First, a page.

Space probe re­ports from ‘be­yond’ our so­lar sys­tem

● Voy­ager 2 sends its find­ings af­ter reach­ing in­ter­stel­lar re­gion

The Press and Journal (Aberdeen and Aberdeenshire) - - NEWS - BY NILIMA MAR­SHALL

Nasa’s Voy­ager 2 has re­ported back with its ini­tial cos­mic find­ings – a year af­ter be­com­ing the sec­ond man-made ob­ject to “leave” the so­lar sys­tem.

The probe blasted off from Earth 42 years ago, 16 days be­fore its twin space­craft, Voy­ager 1, and crossed the outer edge of the sun’s pro­tec­tive bub­ble, known as the he­liopause, on Novem­ber 5 2018.

It en­tered the in­ter­stel­lar medium, the re­gion out­side the he­liopause made up of gas, dust and cos­mic rays, six years af­ter Voy­ager 1 due to its slower tra­jec­tory.

“They’rein theirown or­bit­saround the­galaxy”

Re­searchers con­firmed the space­craft’s jour­ney into the “space be­tween the stars” by not­ing a “de­fin­i­tive jump” in the den­sity of the plasma, made up of charged par­ti­cles and gas, in in­ter­stel­lar space.

It is sim­i­lar to the plasma den­sity jump ex­pe­ri­enced by Voy­ager 1 when it crossed into in­ter­stel­lar space, the re­searchers said.

Among many things, the astronomer­s are look­ing to gain a bet­ter un­der­stand­ing of how the so­lar winds – the stream of charged par­ti­cles com­ing out of the sun – in­ter­act with the IN­CRED­I­BLE JOUR­NEY: A Nasa illustrati­on of a Voy­ager probe, both of which blasted off from Earth 42 years ago, 16 days apart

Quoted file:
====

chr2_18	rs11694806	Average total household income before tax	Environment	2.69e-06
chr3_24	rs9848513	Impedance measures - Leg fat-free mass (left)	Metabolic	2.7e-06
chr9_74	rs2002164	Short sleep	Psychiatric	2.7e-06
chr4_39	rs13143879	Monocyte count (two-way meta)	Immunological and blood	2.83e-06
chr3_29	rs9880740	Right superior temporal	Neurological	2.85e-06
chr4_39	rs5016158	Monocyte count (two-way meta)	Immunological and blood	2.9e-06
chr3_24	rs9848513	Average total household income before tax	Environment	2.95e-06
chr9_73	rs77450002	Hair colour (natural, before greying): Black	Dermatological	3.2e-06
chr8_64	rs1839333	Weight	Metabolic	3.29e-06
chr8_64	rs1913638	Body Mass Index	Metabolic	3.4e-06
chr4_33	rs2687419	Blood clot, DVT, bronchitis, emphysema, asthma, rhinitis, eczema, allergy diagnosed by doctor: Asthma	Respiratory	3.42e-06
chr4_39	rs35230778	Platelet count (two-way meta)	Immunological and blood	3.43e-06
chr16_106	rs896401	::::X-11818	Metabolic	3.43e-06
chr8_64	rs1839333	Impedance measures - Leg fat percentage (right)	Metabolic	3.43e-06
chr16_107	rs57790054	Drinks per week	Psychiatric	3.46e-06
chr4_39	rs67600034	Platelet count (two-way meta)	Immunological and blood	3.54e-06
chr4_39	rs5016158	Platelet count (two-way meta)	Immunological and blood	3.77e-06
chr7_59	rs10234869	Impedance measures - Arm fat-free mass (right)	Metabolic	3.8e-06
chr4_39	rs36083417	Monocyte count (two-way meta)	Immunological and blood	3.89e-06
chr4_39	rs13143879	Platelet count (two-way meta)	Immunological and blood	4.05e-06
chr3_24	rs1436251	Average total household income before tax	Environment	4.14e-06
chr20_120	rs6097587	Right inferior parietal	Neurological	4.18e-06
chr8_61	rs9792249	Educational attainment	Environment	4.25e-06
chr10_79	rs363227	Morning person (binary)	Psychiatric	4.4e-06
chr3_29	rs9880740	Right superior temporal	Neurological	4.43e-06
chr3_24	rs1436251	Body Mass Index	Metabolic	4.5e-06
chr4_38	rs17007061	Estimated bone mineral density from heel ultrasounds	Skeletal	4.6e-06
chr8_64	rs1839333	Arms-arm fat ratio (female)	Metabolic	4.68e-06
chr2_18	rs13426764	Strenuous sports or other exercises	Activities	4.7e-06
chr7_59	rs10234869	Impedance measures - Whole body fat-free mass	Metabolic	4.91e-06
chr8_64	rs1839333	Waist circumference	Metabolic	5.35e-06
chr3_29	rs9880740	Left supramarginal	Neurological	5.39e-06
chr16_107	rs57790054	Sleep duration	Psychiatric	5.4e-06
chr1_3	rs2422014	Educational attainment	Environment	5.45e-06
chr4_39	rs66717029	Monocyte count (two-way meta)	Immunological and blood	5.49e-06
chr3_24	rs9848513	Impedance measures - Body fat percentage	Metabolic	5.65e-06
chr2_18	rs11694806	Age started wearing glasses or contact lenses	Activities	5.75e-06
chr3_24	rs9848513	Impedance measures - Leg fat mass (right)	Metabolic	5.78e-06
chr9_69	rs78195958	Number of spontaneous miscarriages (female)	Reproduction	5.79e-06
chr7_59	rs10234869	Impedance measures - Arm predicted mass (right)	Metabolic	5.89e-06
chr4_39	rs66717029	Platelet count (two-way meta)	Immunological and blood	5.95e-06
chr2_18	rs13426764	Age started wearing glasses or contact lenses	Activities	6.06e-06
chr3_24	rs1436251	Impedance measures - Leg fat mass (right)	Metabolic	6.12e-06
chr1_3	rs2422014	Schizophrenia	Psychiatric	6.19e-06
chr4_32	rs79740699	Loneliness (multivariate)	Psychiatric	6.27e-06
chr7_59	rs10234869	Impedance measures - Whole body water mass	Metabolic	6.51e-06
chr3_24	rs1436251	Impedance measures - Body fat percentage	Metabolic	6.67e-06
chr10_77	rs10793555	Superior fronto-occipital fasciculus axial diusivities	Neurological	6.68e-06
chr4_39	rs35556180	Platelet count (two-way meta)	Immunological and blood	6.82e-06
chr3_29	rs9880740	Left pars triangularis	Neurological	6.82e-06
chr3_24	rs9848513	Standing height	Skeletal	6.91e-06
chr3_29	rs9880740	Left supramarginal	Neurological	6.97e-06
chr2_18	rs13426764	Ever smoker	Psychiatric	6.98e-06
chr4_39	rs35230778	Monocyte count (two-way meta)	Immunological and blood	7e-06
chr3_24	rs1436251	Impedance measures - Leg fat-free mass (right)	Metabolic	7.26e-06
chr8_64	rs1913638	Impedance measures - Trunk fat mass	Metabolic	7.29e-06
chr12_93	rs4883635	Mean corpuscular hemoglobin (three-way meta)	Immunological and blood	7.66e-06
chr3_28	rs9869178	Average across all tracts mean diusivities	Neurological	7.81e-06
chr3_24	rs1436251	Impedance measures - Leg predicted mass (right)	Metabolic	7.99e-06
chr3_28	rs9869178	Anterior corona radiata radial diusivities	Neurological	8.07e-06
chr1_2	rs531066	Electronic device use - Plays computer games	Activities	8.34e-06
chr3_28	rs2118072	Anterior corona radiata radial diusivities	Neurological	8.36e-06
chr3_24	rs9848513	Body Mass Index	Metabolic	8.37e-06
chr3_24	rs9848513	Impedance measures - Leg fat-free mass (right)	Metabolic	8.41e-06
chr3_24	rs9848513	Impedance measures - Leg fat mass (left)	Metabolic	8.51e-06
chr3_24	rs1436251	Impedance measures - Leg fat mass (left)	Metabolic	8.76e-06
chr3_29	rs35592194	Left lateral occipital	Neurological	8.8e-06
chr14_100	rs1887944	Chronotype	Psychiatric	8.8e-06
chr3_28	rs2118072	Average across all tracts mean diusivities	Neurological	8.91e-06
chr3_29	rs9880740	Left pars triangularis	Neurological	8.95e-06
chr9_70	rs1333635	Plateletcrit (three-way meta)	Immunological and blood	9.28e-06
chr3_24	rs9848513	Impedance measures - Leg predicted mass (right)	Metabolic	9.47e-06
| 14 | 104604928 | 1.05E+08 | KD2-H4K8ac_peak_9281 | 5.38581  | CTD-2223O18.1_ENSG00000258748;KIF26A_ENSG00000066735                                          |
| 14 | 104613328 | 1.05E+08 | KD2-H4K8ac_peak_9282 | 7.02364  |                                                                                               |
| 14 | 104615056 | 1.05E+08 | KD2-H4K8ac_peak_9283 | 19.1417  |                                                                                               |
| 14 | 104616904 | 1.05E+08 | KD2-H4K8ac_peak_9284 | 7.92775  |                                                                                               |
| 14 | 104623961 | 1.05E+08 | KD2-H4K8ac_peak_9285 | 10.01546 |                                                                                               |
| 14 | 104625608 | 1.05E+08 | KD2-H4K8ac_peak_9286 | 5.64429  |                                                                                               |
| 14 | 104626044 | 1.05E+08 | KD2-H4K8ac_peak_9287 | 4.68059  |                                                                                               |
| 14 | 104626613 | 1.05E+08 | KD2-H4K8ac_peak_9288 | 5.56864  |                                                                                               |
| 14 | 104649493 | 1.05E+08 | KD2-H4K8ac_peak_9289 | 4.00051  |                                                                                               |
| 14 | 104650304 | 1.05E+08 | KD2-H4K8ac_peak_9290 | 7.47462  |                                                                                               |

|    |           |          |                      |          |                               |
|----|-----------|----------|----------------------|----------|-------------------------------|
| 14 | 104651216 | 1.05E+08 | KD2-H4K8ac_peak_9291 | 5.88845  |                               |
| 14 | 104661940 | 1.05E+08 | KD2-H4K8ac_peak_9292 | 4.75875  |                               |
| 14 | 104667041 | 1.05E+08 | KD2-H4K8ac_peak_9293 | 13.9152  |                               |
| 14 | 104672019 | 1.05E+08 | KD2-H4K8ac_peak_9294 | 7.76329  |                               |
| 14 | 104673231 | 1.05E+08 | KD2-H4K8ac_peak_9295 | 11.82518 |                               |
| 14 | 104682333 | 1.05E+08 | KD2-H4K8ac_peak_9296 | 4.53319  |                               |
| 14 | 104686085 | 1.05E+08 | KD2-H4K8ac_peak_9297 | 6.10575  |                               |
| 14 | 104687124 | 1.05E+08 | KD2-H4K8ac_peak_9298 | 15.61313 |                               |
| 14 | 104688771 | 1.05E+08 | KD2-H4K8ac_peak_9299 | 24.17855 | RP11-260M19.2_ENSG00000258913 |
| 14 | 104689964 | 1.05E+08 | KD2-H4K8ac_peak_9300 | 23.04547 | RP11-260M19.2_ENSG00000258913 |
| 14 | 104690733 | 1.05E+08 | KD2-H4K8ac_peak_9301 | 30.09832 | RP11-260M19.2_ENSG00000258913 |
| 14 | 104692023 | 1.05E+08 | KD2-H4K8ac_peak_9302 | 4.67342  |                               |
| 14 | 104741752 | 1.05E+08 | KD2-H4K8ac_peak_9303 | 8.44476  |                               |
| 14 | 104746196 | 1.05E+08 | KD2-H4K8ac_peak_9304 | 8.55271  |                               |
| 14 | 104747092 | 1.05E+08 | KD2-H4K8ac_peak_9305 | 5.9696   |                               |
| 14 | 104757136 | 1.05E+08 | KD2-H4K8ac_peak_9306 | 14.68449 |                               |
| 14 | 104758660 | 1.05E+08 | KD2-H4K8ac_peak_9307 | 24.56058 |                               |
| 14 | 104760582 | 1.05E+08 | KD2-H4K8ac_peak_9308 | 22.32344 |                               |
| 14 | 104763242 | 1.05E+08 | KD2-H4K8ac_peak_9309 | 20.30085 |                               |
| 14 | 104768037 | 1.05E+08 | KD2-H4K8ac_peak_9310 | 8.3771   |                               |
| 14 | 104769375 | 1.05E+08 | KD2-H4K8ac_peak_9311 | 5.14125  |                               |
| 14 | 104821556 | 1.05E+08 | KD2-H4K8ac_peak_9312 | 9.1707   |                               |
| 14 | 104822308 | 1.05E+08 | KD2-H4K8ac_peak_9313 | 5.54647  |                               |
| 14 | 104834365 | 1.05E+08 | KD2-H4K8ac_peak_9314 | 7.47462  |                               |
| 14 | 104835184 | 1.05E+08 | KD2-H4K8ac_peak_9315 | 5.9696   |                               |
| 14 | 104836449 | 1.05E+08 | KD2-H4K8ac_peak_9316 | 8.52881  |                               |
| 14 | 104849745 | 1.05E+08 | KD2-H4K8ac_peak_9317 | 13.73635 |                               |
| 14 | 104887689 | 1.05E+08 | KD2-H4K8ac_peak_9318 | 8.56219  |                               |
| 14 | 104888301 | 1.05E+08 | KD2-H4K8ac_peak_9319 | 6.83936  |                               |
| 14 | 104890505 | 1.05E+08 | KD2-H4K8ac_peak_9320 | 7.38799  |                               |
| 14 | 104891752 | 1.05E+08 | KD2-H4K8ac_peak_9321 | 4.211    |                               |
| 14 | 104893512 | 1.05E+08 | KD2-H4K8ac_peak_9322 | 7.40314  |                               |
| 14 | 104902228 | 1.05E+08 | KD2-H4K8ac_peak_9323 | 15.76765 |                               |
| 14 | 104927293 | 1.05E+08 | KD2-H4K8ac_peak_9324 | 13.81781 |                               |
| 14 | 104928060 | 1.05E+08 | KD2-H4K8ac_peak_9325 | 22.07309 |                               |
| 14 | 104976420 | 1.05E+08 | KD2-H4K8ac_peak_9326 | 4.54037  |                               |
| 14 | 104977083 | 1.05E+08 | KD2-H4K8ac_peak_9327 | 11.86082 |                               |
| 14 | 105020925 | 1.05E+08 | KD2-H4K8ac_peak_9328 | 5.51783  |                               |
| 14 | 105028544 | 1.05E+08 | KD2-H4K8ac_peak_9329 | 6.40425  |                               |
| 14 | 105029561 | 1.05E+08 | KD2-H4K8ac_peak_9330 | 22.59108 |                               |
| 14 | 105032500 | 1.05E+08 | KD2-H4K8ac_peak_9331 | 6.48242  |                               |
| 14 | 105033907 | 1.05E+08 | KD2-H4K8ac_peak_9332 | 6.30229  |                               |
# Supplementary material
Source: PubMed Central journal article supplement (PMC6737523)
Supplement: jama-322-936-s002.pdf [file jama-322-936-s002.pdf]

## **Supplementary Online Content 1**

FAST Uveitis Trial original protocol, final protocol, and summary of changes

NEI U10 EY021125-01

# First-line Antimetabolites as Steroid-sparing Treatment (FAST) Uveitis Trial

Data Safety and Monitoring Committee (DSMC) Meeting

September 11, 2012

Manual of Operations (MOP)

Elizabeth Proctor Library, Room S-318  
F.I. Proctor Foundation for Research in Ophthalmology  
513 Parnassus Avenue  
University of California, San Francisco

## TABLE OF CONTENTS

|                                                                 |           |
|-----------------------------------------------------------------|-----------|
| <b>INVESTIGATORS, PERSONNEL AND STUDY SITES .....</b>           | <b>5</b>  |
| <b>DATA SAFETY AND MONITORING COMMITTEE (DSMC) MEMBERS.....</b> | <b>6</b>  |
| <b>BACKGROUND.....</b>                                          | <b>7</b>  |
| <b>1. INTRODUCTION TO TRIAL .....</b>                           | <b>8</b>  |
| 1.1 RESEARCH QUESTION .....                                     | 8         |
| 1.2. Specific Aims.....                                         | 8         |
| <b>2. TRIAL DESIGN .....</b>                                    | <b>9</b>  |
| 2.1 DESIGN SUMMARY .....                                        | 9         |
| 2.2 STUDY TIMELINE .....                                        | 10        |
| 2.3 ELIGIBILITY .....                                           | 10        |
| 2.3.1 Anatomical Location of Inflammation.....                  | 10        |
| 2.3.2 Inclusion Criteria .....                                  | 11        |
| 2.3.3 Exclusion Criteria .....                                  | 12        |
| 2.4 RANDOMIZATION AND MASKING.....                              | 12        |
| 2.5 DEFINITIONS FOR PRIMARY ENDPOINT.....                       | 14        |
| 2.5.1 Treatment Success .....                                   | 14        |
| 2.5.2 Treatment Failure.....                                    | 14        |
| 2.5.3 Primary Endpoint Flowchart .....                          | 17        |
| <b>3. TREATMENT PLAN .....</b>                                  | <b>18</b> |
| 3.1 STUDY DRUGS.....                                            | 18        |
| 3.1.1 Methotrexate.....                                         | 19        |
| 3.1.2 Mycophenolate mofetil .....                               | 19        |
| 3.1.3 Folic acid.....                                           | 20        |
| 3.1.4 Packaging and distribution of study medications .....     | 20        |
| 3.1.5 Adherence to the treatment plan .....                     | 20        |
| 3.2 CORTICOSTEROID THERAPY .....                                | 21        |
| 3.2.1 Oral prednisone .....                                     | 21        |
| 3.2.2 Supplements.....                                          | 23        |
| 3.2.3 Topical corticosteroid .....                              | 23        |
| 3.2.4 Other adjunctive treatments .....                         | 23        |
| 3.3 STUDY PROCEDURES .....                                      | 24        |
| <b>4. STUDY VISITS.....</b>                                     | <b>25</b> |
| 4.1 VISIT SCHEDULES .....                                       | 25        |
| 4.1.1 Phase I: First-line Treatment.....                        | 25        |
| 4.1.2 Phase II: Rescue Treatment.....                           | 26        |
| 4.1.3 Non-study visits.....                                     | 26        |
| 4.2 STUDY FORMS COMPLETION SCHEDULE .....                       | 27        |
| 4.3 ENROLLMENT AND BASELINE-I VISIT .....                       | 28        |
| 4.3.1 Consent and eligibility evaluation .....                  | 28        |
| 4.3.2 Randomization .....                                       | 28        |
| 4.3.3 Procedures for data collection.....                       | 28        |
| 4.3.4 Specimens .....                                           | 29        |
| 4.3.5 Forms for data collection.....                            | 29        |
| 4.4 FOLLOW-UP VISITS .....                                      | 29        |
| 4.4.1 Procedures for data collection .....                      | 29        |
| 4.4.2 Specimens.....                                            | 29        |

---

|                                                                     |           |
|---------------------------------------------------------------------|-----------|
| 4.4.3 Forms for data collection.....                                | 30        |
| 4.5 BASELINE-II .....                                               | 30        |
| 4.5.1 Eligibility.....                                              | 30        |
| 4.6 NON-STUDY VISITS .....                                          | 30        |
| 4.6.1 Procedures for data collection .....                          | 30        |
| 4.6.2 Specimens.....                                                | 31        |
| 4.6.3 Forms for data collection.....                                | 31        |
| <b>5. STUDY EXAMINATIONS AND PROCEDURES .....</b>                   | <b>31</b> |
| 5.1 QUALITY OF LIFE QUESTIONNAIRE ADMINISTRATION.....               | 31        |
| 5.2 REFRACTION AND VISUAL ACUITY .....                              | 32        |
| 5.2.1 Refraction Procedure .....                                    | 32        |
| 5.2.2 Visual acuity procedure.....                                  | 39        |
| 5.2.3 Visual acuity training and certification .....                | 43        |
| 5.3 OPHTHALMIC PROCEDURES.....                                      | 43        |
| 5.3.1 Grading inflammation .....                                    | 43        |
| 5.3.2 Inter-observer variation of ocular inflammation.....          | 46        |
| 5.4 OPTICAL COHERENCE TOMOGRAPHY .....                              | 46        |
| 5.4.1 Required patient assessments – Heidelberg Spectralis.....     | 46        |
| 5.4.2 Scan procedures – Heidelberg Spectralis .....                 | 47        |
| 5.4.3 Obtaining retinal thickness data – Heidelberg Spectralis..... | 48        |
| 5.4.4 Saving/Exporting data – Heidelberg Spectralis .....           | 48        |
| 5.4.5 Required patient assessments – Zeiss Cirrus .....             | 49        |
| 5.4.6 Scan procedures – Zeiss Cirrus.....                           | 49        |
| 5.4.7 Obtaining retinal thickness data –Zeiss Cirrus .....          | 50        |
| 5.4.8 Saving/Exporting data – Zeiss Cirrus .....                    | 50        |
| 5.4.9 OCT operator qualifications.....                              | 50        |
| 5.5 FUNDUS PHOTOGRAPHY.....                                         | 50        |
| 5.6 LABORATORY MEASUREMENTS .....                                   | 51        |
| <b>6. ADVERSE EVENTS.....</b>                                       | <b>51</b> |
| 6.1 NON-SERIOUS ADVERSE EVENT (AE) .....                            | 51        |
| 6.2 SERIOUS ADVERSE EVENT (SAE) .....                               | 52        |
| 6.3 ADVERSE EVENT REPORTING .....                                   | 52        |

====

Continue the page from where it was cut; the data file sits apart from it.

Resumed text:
in­ter­stel­lar winds, made up of par­ti­cles from other stars.

Dr Ed­ward Stone, a pro­fes­sor of physics at the Cal­i­for­nia In­sti­tute of Tech­nol­ogy and for­mer di­rec­tor of the Nasa Jet Propul­sion Lab­o­ra­tory, said: “We are try­ing to un­der­stand the na­ture of the bound­ary where these two winds col­lide.”

The astronomer­s be­lieve the probes’ jour­neys, with their dif­fer­ent mis­sion goals and tra­jec­to­ries, give “valu­able clues” about the struc­ture of the Elvis Pres­ley per­forms in con­cert in Mil­wau­kee, 1977

he­lio­sphere, a vast bub­ble en­com­pass­ing the sun and the so­lar sys­tem.

Bill Kurth, a re­search sci­en­tist at the Univer­sity of Iowa and one of the au­thors of the stud­ies, said: “It im­plies that the he­lio­sphere is sym­met­ric, at least at the two points where the Vo y a g e r space­craft crossed.”

Even though they made it out of the sun’s bub­ble, astronomer­s main­tain that the Voy­agers are still in the so­lar sys­tem be­cause it stretches to the outer edge of the Oort cloud

– com­pris­ing wa­ter ice, am­mo­nia and meth­ane – which sur­rounds the sun.

Dr Stone said the crafts’ plu­to­nium power sources will even­tu­ally stop sup­ply­ing elec­tric­ity, at which point their in­stru­ments and their trans­mit­ters will die.

Dr Kurth be­lieves both Voy­agers “will out­last Earth”, adding: “They’re in their own or­bits around the galaxy for five bil­lion years or longer.

“And the prob­a­bil­ity of them run­ning into any­thing is al­most zero.” The Com­modore PET was un­veiled in Chicago

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